“A ship there is, and she sails the sea. She’s loaded deep, as deep can be. But not so deep as the love I’m in: I know not if I sink or swim.” Your song stopped shortly after the wedding. You began to sigh with the waves. You’d lie abed, weeping. “What devils dance under your skin?” I would ask. “Every step,” you’d whisper, “is like treading on knives.” I should have clutched you in my arms. Recalling what I lacked shatters me. My only defence is you were not the coy girl I had found on the rocks, nor the smiling angel in white satin at the end of the aisle. You weren’t the beauty I had carried across the threshold, with the giggle and the pulse and the promises. You’d become hollow. I’d leave you between the sheets. Sneak away to meet Ailla, my head rolling back to when my boat was wrecked. I was drowning once more. She shielded me from the pull of the tide. * I was woken by the glare of the moon on a silver surface. I looked up into your face, and saw tempests and wildfire. You knew. Your arm was raised and tilted, the dagger’s blade poised to break my heart as I’d broken yours. I screwed my eyes shut. Braced myself. No strike came. A primeval howl. Tears ran off your jaw and dripped onto the lace of your robe. You jumped over the window ledge. You were a ghost; pale, barefooted, gone. I chased you through the winding streets, your shouts leaping off every stone wall, my sobs of remorse failing you, over and over: I couldn’t stop you – I halted at the shoreline. Near weightless, you’d always been out of my reach. Your eyes were the last piece of you I saw. Beautiful eyes, they were. Cobalt haemorrhaged through the heavens. Dawn’s first light glowed on the horizon as you vanished into the bay. *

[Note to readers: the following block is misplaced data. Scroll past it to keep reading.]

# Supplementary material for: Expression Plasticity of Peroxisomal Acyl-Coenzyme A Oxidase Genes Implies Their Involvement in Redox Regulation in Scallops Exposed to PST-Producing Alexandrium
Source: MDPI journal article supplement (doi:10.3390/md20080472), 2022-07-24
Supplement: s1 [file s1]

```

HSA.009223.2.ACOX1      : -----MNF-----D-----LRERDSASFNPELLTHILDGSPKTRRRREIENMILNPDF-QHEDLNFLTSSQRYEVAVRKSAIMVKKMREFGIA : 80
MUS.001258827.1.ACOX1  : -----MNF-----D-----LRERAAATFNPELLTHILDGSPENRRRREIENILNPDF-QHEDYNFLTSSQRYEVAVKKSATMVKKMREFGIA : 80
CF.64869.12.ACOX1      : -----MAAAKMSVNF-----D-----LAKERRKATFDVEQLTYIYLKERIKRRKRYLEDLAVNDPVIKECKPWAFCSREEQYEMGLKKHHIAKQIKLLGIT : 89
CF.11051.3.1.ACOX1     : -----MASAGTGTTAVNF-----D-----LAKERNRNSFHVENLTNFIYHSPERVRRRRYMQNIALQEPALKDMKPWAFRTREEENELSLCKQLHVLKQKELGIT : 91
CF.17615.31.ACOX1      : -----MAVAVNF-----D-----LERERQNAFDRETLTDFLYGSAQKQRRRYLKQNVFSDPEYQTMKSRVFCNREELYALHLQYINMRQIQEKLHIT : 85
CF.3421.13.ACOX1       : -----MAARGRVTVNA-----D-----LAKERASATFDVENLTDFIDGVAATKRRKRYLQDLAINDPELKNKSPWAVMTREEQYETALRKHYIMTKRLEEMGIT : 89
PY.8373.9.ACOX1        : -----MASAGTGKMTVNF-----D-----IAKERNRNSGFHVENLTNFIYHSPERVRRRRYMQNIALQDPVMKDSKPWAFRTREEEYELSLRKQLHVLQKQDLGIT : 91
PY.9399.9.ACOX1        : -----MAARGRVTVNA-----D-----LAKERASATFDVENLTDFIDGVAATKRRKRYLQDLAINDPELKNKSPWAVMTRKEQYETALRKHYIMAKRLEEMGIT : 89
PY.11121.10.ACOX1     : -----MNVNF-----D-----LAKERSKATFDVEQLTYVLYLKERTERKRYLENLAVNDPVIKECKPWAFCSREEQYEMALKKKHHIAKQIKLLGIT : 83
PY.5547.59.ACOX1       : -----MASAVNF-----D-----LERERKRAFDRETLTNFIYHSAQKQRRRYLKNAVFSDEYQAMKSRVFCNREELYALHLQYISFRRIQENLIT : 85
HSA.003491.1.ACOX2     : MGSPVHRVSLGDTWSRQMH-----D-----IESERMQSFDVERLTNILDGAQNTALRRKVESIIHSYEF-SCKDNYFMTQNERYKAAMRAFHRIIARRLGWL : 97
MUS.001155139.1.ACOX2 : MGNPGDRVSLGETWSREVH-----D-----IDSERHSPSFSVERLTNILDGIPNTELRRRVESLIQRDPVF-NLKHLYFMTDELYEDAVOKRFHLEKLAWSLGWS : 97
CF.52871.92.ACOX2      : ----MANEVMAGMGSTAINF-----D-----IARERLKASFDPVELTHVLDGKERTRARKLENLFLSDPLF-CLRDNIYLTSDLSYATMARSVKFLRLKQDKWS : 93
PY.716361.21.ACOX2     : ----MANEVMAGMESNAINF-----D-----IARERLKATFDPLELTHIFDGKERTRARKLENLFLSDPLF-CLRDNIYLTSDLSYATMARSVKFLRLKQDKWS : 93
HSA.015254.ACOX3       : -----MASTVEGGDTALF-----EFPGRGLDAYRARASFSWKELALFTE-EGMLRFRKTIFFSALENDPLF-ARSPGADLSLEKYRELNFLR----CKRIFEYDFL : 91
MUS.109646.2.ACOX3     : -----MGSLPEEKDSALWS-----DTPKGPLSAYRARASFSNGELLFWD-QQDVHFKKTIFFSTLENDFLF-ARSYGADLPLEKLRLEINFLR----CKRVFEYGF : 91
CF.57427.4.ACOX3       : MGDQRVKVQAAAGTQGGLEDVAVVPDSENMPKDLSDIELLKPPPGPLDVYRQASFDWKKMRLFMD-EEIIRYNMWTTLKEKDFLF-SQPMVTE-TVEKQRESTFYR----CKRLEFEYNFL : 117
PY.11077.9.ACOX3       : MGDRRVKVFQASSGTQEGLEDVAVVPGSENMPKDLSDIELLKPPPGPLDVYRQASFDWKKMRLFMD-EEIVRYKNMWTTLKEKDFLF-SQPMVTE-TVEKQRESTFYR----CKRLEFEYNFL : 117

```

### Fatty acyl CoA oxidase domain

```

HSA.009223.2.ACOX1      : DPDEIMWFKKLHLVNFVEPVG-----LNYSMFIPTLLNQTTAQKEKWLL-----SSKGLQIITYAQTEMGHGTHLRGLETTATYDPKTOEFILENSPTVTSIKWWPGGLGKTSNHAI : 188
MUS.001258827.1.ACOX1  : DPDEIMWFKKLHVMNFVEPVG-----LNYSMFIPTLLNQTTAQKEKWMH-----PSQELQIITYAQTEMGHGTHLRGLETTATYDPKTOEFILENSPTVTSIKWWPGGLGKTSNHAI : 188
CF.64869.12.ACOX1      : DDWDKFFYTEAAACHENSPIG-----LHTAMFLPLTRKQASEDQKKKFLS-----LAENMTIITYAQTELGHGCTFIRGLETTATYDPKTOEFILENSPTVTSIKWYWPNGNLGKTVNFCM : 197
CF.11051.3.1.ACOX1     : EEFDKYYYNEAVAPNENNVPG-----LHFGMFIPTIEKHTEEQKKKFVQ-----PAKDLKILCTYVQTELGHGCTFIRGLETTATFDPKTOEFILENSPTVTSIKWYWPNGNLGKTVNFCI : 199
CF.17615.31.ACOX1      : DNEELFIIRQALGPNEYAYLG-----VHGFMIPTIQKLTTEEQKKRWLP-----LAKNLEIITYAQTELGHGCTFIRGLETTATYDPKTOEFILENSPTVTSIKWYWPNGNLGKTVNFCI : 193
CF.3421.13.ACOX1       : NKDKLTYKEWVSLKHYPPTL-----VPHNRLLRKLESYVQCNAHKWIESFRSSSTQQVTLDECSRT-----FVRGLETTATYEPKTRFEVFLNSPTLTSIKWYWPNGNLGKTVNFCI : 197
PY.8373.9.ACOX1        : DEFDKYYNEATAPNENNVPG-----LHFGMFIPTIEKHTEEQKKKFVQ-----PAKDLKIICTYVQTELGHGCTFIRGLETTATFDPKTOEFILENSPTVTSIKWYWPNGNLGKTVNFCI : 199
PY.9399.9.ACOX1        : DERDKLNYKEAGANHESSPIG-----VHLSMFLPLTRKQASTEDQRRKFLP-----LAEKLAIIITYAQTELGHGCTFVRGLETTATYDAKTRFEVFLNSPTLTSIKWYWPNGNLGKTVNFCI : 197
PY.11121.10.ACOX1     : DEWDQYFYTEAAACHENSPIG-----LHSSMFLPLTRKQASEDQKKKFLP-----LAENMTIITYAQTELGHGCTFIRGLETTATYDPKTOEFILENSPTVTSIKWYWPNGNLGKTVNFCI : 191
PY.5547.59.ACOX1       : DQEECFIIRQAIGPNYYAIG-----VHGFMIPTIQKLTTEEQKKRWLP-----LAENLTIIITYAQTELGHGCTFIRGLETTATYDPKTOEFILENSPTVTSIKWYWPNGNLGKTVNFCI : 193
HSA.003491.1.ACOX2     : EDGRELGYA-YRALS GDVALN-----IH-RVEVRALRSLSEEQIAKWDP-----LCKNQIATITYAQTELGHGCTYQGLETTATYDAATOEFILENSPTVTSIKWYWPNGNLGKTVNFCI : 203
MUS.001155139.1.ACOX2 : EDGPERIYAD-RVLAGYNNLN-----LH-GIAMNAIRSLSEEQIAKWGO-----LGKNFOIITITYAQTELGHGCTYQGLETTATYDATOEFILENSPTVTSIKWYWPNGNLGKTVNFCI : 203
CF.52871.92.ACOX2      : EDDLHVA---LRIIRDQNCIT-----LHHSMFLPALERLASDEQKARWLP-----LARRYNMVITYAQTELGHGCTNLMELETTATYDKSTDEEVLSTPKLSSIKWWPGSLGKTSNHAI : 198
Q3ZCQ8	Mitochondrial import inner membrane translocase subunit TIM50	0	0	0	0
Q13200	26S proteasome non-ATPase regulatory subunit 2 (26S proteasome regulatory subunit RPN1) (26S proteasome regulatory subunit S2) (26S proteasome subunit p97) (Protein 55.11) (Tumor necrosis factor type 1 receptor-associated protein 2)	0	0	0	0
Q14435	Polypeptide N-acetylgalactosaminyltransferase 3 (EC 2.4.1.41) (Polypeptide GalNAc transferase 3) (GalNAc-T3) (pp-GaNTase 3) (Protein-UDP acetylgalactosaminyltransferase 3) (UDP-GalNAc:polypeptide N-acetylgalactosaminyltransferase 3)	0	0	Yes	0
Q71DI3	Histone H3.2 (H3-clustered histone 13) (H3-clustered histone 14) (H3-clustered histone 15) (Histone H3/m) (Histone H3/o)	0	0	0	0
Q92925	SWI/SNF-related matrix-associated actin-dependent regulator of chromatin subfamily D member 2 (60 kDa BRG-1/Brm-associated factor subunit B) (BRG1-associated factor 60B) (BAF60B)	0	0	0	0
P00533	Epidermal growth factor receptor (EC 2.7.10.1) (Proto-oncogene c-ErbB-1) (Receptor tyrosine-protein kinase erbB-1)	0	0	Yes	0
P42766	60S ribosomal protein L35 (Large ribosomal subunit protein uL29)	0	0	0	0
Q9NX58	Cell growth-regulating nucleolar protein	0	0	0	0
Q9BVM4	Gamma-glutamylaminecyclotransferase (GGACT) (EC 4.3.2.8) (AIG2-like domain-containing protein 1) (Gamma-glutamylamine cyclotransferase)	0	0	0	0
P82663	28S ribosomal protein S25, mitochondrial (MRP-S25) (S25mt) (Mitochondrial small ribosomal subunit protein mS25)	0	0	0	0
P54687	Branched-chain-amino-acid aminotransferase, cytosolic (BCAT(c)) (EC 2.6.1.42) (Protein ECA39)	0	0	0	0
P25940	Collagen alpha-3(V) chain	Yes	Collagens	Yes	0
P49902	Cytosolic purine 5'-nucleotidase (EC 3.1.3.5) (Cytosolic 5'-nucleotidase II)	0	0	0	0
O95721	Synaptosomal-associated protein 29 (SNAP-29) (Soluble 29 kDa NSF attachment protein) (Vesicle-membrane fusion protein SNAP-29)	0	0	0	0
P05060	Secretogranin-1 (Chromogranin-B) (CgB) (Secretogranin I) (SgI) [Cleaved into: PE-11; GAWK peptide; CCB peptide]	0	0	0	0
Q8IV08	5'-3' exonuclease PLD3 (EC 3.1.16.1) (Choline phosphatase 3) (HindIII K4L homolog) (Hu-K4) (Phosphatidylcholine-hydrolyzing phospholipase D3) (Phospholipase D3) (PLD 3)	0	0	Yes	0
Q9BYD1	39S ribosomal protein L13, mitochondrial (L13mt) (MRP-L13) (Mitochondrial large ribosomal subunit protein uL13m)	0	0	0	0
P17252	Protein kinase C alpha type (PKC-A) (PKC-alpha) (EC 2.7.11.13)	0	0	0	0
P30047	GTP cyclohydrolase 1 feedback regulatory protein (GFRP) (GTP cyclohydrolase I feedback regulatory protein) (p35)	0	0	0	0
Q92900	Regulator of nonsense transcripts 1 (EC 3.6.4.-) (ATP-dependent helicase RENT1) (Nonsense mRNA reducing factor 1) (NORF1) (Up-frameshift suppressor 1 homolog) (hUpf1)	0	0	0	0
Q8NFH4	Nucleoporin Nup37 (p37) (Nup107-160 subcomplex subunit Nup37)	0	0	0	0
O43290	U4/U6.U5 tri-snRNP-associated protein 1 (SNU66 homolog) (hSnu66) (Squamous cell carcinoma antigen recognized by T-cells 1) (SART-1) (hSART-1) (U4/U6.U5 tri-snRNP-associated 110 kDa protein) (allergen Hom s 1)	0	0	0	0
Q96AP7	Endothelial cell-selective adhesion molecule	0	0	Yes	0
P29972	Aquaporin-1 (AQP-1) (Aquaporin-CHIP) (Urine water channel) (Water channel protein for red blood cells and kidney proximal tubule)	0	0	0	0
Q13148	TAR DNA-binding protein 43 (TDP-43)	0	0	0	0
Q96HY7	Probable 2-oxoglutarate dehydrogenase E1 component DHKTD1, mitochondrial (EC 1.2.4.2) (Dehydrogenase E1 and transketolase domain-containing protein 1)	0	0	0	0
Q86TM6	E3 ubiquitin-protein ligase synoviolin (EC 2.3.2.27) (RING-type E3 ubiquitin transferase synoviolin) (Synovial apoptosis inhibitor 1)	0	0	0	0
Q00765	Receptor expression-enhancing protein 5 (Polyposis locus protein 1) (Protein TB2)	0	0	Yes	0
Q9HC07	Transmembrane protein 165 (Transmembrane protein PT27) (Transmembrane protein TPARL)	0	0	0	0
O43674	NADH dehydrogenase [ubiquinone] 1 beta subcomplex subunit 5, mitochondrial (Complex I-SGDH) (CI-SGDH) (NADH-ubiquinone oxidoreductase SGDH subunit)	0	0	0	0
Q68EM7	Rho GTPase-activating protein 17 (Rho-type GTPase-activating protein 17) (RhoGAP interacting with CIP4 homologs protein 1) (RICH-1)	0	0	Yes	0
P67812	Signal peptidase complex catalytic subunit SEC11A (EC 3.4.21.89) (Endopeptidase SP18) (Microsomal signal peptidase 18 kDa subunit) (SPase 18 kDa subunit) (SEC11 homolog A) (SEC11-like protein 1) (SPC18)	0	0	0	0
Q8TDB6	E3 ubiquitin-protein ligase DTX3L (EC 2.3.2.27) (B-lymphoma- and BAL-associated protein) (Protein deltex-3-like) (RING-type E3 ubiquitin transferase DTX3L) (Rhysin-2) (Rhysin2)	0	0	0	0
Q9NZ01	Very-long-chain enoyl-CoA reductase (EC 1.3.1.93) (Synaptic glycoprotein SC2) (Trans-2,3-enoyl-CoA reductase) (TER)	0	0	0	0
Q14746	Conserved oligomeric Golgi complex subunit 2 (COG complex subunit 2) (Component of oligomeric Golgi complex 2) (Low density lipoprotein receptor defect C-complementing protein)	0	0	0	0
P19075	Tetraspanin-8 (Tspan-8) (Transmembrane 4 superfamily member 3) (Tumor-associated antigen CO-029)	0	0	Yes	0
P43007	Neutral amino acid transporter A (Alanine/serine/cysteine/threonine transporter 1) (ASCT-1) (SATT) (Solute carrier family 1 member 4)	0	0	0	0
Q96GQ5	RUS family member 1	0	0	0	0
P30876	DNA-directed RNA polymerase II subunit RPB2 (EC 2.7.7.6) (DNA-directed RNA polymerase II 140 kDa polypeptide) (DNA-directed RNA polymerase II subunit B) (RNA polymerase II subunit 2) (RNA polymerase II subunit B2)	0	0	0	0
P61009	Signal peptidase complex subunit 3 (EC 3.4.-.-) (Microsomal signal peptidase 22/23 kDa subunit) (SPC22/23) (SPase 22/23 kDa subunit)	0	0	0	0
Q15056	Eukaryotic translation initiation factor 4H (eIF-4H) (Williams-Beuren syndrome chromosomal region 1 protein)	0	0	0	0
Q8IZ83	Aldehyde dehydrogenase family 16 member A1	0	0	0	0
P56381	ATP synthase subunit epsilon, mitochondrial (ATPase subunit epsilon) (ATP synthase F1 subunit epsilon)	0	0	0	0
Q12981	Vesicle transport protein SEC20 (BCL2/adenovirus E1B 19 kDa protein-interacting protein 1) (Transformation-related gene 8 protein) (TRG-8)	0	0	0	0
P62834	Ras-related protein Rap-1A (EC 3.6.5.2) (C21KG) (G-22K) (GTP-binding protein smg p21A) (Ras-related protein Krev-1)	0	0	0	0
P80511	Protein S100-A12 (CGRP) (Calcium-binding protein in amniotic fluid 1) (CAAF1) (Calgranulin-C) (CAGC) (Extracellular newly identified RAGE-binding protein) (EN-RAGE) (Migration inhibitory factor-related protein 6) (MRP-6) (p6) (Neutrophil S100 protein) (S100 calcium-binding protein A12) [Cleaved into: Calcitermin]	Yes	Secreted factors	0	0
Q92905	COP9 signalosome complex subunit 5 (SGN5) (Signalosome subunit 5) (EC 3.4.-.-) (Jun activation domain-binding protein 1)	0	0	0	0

The coastguard questioned me, but the townsfolk were disturbed in the rumpus and witnessed the lot. It was suicide. I wanted to adorn you with flowers, but your bones were never found. Perhaps you had dissolved to a drifting mass of seafoam. I can’t bear to think of that. You stumbled into my soul, unsteady on slender legs, and left a message there, making me love you. I loved you as if you were the North Star and I were a lost liner. I was foolish enough to stray. I know nothing of where you hailed from, but Ailla confided that she hadn’t saved me from the wreck, the angry night on which you’d said our paths first crossed. Instead, an ethereal being had delivered me from the hungry whirlpool and carried me to safety. A creature with hair like ivy winding itself down the bricks of a castle turret, she said. A silver-eyed woman. Your sweet voice may as well have been muted by dark sorcery for all I listened to it. I married Ailla when spring returned. She gave me the child you and I weren’t blessed with. Yet between us now lay shadows. One cold Tuesday she fled, baby and all, to a faraway city. I’ve been flailing in the currents since. I long to disappear myself, and return to you. I search for you not in the waters, but in air. In mist. In sunlight. I hope I shall find you again.